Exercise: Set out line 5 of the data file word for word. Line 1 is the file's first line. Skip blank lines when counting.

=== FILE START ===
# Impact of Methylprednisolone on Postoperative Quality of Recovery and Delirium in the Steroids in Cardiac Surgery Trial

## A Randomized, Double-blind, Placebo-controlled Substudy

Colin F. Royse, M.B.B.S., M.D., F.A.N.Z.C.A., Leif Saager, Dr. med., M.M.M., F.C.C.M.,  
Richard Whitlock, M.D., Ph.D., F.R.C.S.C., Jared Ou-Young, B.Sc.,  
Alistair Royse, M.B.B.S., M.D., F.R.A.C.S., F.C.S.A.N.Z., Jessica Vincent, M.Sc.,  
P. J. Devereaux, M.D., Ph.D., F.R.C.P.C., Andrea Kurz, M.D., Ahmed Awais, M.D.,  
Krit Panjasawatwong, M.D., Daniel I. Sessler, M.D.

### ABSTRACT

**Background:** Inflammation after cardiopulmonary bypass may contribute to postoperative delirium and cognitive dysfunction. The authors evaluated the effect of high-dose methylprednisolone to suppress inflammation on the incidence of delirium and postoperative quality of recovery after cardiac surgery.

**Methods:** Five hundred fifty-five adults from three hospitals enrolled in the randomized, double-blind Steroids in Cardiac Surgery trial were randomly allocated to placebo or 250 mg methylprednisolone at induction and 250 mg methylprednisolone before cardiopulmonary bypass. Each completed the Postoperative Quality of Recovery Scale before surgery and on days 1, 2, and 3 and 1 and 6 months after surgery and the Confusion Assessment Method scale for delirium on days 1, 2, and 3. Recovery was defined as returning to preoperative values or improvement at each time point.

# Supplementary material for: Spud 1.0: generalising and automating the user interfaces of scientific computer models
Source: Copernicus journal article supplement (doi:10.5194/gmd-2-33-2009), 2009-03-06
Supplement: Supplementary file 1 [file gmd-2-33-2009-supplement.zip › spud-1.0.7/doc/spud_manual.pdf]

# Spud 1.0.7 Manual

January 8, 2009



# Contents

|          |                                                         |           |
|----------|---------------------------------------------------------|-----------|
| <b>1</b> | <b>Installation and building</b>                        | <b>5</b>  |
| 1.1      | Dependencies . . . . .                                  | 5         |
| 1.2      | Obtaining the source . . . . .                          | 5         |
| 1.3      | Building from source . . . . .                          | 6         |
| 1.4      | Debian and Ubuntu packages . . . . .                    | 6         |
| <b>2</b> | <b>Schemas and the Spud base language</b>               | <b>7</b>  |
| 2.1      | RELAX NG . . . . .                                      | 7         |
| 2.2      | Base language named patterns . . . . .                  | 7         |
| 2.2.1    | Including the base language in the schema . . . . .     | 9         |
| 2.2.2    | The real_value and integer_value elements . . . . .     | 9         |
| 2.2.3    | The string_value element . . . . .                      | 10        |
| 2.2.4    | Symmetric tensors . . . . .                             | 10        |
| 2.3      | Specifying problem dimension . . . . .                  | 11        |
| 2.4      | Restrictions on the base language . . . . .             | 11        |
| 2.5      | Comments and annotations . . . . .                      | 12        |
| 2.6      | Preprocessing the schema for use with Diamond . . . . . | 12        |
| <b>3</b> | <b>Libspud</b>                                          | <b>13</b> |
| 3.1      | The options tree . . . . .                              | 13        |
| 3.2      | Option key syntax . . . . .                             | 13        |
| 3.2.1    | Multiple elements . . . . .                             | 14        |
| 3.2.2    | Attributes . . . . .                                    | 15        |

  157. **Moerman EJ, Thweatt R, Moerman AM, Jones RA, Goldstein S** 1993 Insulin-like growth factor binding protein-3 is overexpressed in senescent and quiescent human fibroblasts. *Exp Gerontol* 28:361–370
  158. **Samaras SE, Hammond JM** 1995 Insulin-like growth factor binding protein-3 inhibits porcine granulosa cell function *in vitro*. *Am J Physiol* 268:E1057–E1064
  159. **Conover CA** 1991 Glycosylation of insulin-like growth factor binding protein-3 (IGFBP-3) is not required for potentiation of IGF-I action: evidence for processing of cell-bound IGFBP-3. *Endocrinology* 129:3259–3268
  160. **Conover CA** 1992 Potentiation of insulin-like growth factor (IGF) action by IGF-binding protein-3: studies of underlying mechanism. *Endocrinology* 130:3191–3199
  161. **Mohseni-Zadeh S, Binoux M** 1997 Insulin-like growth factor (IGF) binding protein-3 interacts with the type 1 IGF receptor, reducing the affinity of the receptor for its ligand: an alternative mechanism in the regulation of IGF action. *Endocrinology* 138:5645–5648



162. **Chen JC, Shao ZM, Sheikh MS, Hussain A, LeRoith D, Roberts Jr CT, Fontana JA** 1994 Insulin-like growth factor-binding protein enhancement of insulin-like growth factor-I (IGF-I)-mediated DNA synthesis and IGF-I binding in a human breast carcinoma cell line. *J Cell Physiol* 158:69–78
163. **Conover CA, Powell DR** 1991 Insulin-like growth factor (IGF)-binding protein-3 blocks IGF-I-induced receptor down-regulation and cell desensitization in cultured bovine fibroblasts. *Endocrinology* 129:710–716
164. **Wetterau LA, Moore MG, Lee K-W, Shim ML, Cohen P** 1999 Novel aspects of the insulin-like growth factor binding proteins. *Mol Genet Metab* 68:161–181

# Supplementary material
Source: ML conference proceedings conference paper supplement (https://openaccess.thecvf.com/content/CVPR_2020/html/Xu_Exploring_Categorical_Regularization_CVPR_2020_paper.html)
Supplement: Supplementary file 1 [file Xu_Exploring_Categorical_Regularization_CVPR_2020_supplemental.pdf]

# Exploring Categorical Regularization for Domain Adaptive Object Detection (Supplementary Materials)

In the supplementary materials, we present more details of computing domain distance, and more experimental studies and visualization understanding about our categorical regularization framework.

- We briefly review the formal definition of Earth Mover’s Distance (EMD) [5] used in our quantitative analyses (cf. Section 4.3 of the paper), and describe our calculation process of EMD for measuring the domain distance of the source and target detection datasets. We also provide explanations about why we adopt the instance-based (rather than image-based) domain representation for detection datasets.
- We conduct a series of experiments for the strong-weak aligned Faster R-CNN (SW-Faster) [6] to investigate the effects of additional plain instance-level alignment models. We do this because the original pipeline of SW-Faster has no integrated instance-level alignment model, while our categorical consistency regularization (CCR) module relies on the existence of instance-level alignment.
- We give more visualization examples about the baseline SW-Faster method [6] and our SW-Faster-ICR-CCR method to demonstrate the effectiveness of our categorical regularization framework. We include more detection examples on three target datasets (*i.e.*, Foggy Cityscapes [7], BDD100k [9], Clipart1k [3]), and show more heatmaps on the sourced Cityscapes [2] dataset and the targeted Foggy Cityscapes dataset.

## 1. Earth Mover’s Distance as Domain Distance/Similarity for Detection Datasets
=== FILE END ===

Alistair Royse, M.B.B.S., M.D., F.R.A.C.S., F.C.S.A.N.Z., Jessica Vincent, M.Sc.,  